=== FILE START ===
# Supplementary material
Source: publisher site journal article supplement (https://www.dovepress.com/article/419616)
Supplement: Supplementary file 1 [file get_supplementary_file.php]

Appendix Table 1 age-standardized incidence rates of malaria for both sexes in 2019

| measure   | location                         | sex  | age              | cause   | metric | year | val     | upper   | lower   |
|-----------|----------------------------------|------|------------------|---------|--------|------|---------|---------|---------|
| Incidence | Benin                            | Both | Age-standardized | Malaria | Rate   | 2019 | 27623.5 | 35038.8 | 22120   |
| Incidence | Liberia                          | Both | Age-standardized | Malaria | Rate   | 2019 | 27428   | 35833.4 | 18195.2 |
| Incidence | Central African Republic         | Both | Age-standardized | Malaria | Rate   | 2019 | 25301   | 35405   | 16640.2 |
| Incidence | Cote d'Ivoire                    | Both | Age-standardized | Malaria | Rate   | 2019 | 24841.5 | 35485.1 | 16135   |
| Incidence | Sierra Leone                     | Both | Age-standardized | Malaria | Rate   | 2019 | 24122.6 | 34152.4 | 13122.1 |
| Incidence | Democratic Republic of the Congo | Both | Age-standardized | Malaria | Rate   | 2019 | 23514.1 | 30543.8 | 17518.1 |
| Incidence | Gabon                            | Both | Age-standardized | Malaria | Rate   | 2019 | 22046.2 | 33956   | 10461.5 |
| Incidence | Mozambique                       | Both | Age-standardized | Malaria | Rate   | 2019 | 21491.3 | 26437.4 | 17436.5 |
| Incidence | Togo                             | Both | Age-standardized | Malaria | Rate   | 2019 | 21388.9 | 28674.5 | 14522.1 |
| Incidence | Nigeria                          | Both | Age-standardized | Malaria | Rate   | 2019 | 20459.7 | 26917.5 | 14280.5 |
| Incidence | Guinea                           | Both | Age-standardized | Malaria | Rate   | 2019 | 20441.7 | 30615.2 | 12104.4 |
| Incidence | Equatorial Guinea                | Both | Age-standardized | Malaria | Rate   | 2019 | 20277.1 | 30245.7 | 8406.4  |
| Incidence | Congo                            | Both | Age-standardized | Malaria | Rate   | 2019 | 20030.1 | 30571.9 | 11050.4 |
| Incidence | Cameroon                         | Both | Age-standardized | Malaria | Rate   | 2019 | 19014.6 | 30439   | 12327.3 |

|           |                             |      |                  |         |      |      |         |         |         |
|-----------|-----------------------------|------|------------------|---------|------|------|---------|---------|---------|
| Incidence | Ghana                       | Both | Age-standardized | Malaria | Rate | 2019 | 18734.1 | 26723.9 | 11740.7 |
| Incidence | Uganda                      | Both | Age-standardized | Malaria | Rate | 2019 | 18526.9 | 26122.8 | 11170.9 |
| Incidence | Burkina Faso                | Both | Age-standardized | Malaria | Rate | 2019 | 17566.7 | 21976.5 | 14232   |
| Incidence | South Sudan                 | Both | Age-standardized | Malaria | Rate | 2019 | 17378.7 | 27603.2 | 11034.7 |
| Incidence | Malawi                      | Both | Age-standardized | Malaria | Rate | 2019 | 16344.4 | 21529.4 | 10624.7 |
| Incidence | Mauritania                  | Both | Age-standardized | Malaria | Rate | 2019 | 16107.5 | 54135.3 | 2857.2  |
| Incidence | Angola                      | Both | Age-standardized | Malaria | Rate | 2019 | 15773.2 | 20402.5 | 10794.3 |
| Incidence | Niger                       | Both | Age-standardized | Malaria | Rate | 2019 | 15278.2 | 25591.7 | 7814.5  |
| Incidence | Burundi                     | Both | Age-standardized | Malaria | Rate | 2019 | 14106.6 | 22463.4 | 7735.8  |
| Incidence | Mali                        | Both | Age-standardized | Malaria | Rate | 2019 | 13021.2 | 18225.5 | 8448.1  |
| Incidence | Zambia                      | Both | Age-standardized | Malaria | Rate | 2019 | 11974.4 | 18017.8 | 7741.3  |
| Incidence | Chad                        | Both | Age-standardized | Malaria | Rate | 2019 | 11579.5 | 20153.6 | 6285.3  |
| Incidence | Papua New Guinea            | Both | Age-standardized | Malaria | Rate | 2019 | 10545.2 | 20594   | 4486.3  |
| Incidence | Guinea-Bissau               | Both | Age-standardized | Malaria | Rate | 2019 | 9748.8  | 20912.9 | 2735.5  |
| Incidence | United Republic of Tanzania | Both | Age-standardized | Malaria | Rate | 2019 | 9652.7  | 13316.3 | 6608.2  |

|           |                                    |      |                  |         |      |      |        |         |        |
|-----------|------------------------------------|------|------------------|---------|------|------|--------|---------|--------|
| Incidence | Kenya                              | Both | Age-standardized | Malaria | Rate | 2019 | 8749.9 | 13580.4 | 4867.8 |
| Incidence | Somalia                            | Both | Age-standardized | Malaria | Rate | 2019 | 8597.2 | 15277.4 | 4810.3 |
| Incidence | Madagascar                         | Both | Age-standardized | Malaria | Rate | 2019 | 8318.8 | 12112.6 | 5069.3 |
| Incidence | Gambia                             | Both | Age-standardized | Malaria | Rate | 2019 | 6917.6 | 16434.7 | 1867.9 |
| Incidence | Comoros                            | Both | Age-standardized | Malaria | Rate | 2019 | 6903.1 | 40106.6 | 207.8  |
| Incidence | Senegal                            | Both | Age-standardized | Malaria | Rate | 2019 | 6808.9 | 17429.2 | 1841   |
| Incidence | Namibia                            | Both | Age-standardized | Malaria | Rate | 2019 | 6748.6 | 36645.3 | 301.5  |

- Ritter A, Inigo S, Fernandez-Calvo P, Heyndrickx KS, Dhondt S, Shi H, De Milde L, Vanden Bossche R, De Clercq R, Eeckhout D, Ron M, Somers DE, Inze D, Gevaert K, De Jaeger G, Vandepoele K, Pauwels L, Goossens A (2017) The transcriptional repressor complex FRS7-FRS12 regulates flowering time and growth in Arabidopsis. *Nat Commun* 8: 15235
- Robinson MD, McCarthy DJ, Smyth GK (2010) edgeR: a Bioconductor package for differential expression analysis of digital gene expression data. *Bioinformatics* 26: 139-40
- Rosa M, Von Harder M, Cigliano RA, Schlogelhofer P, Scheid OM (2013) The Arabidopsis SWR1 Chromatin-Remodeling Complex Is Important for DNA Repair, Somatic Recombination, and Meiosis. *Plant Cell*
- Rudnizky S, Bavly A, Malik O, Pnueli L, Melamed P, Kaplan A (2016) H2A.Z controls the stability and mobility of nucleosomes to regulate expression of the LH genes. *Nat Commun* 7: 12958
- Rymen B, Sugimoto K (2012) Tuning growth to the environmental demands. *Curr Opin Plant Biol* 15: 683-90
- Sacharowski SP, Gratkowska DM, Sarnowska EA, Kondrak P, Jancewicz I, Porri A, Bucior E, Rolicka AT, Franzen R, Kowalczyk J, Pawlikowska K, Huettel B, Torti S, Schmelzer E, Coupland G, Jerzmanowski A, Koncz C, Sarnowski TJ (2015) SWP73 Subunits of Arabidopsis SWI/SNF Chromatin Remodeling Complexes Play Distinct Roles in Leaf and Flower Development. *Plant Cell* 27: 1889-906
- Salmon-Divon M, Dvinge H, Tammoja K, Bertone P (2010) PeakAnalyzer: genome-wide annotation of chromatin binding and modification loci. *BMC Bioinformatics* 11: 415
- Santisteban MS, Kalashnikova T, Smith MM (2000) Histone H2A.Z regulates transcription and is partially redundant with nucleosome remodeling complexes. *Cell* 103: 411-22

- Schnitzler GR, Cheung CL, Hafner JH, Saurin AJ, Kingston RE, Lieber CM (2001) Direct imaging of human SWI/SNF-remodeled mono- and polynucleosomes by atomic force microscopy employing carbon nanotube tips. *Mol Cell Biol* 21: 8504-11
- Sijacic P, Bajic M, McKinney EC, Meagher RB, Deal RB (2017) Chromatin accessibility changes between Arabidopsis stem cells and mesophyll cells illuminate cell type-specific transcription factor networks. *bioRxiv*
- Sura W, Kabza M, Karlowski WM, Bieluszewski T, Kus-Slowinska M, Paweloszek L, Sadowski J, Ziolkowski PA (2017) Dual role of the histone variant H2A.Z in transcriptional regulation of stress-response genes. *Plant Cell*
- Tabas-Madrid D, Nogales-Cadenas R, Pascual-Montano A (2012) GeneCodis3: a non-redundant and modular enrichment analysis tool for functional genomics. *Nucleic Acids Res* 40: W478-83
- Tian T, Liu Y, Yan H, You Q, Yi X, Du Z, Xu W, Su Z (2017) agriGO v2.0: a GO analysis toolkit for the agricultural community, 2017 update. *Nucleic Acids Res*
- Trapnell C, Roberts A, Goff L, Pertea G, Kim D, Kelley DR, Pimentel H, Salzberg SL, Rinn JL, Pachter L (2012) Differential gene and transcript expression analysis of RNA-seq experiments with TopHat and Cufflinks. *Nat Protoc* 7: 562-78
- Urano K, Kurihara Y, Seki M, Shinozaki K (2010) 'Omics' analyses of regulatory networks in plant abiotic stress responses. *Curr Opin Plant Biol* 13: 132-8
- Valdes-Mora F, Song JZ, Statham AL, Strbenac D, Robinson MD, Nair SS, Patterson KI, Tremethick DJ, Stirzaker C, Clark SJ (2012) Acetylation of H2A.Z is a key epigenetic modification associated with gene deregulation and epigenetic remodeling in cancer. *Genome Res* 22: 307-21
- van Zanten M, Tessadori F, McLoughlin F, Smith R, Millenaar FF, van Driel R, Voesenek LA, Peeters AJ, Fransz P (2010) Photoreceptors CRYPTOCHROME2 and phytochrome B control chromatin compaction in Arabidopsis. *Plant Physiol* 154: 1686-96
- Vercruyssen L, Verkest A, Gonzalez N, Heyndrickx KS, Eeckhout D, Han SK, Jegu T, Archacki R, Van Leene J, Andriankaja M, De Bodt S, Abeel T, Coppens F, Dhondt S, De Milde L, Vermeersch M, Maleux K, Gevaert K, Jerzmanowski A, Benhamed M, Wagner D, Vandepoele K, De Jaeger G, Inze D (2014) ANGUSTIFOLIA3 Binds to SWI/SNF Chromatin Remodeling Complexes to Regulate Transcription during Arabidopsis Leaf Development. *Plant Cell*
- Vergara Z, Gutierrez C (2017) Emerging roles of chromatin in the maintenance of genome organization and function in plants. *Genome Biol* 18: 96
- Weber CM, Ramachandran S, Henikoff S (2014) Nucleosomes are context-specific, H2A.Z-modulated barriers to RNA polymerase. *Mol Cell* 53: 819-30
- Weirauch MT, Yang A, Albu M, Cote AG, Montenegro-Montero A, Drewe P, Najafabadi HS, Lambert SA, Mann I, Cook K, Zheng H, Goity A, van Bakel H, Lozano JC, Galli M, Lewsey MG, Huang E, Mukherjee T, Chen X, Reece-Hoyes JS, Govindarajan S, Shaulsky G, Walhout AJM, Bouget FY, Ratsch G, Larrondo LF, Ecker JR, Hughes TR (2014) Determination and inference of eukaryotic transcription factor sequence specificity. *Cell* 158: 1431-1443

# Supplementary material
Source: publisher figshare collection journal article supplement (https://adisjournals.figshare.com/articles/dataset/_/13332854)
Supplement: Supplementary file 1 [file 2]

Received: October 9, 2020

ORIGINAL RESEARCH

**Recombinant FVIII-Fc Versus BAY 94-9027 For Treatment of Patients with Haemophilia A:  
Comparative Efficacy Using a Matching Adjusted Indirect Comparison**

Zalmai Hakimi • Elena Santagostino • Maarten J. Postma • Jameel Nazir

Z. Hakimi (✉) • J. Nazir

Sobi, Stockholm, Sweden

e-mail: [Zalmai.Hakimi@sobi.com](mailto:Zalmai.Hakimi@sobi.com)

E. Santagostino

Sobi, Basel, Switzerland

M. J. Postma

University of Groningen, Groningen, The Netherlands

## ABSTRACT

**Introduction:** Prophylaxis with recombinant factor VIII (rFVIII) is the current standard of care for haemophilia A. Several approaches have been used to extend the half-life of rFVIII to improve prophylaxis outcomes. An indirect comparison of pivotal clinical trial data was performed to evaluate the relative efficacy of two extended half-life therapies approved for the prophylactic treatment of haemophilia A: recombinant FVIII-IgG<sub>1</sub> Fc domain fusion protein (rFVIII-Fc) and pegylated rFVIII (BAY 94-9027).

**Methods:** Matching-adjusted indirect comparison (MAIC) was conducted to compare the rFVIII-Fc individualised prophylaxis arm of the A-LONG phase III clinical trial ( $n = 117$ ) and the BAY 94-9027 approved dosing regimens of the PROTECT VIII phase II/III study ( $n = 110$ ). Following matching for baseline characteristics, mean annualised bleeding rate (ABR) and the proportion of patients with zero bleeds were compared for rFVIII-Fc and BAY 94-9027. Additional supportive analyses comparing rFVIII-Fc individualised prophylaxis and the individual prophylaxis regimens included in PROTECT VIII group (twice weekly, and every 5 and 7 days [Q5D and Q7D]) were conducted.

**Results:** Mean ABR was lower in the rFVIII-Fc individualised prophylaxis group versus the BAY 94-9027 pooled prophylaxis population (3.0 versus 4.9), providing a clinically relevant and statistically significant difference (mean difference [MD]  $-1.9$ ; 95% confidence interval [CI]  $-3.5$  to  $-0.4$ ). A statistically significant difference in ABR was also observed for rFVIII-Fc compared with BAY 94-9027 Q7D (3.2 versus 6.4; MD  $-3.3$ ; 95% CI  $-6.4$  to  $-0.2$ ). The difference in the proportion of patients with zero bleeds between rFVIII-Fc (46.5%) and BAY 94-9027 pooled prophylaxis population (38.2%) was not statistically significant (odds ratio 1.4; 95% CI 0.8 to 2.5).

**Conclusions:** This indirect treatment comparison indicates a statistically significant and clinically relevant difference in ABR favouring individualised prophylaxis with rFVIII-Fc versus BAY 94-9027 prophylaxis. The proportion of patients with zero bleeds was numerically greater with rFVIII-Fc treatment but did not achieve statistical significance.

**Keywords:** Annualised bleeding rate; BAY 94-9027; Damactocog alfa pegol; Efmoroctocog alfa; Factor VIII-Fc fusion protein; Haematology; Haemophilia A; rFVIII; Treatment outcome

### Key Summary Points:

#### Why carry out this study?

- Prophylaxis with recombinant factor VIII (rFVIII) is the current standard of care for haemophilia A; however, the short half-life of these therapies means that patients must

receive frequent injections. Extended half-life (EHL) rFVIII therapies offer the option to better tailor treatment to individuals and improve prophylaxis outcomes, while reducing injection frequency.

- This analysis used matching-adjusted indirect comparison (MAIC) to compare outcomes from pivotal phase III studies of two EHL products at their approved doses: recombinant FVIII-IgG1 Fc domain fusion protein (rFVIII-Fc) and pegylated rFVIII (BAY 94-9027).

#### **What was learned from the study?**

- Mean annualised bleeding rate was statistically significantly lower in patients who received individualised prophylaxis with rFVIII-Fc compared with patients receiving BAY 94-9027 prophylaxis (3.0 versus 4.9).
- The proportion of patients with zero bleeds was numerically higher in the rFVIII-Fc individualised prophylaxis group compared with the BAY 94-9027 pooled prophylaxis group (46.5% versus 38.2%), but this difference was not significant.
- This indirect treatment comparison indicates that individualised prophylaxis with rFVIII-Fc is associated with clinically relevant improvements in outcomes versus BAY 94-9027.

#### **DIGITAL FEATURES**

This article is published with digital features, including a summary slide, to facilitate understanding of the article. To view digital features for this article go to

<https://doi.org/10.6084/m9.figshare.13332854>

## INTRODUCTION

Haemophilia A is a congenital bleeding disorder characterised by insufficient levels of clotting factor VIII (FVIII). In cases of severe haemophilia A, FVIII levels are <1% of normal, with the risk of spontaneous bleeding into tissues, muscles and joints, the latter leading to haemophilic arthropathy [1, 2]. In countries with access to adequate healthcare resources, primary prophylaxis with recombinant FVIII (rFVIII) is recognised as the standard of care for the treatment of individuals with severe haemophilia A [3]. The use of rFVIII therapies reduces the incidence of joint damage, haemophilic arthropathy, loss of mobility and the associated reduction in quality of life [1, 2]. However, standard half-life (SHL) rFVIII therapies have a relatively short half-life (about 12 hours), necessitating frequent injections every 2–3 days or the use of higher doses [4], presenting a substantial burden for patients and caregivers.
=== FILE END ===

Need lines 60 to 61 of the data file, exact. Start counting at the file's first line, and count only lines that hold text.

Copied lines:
- Trapnell C, Roberts A, Goff L, Pertea G, Kim D, Kelley DR, Pimentel H, Salzberg SL, Rinn JL, Pachter L (2012) Differential gene and transcript expression analysis of RNA-seq experiments with TopHat and Cufflinks. *Nat Protoc* 7: 562-78
- Urano K, Kurihara Y, Seki M, Shinozaki K (2010) 'Omics' analyses of regulatory networks in plant abiotic stress responses. *Curr Opin Plant Biol* 13: 132-8